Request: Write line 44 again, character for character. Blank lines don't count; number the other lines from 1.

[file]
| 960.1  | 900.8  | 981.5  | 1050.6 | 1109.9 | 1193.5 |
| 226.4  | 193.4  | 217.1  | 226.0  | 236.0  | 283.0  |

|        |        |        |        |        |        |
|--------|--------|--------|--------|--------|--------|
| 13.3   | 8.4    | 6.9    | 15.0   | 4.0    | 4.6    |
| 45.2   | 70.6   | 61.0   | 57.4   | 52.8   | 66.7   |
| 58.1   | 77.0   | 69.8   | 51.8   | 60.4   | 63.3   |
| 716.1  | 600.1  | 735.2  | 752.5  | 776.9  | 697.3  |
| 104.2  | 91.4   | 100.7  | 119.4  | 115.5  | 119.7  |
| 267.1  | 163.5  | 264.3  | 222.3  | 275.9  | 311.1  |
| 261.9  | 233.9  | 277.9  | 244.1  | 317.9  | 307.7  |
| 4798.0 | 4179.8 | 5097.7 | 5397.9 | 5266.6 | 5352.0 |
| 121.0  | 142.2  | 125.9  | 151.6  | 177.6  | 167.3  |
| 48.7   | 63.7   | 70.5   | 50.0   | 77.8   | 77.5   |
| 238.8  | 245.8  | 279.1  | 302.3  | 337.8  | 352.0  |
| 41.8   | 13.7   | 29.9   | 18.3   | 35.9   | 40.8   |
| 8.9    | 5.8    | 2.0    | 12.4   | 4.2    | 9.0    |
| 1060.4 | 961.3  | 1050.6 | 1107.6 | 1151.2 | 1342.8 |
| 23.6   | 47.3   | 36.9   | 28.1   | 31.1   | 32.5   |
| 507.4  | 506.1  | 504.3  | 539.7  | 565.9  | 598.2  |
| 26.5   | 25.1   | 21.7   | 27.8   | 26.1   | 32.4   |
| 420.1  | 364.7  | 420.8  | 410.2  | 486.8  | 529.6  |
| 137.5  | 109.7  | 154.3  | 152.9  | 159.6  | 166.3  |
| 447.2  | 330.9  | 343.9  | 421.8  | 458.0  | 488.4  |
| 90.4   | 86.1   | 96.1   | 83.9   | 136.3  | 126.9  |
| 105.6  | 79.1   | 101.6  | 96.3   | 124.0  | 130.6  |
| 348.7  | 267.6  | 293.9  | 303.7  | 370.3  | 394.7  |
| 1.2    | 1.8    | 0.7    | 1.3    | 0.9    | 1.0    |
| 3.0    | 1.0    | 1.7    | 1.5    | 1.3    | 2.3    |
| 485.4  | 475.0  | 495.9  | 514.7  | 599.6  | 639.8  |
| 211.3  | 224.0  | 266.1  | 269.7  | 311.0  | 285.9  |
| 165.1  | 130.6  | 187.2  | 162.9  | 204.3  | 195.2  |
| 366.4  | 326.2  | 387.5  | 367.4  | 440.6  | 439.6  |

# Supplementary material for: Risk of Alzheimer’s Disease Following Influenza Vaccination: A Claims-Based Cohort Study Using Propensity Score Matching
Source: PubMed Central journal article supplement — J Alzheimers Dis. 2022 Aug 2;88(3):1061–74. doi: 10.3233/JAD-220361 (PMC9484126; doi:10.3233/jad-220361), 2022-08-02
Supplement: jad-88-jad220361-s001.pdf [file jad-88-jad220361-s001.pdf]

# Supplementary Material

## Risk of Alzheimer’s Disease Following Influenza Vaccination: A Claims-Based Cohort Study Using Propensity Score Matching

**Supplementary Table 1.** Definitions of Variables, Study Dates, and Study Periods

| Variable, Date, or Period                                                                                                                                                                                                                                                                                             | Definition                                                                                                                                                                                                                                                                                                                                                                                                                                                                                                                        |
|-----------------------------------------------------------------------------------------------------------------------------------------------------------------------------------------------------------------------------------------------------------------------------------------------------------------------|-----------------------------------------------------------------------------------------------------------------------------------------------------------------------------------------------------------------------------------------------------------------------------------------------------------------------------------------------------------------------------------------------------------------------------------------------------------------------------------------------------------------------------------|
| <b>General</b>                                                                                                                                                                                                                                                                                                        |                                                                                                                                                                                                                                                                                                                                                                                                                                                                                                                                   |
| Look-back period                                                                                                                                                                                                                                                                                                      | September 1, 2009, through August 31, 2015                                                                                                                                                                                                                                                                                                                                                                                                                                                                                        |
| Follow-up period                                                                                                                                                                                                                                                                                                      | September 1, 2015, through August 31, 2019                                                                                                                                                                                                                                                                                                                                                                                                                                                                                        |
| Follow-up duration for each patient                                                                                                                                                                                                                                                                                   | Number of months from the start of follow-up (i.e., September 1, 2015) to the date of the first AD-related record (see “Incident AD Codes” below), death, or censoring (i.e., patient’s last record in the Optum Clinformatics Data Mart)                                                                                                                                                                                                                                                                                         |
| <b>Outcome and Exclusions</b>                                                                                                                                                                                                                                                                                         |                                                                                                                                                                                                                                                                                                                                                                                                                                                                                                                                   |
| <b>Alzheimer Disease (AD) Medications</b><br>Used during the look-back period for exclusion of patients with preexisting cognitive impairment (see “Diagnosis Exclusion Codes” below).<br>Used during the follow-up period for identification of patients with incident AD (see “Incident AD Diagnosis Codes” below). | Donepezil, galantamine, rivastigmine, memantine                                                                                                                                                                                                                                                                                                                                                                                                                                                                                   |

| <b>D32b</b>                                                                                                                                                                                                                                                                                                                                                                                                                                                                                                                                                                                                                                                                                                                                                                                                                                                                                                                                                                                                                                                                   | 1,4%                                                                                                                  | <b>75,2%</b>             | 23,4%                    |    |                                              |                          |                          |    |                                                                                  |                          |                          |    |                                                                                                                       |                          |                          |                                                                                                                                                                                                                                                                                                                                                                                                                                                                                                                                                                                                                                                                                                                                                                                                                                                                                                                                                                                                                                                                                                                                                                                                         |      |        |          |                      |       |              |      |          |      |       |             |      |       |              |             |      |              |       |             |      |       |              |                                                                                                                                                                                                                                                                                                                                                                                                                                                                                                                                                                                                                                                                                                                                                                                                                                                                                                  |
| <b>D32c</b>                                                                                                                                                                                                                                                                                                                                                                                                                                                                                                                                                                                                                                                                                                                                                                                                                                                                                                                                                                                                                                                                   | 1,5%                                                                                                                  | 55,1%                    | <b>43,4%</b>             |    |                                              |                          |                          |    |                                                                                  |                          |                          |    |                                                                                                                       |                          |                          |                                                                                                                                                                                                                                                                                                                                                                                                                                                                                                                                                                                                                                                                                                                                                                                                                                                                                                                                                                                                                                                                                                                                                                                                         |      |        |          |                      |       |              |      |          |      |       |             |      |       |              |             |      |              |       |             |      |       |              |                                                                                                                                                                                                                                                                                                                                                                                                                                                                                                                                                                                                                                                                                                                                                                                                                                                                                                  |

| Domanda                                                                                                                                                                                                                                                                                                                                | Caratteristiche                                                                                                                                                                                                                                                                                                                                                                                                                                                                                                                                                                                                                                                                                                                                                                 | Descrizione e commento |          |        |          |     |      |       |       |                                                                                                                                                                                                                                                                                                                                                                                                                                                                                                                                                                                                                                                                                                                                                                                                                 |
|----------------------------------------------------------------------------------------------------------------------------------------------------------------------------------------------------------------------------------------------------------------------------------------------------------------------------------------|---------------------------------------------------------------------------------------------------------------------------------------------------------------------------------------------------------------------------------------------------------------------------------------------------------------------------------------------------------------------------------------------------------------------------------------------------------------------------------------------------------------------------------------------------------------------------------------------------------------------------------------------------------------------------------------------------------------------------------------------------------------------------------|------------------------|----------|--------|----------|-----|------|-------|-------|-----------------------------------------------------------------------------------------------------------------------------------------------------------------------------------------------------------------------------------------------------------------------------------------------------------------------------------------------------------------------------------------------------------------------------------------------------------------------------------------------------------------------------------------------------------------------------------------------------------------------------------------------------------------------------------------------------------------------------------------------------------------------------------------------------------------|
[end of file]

| Follow-up period                                                                                                                                                                                                                                                                                                      | September 1, 2015, through August 31, 2019                                                                                                                                                                                                                                                                                                                                                                                                                                                                                        |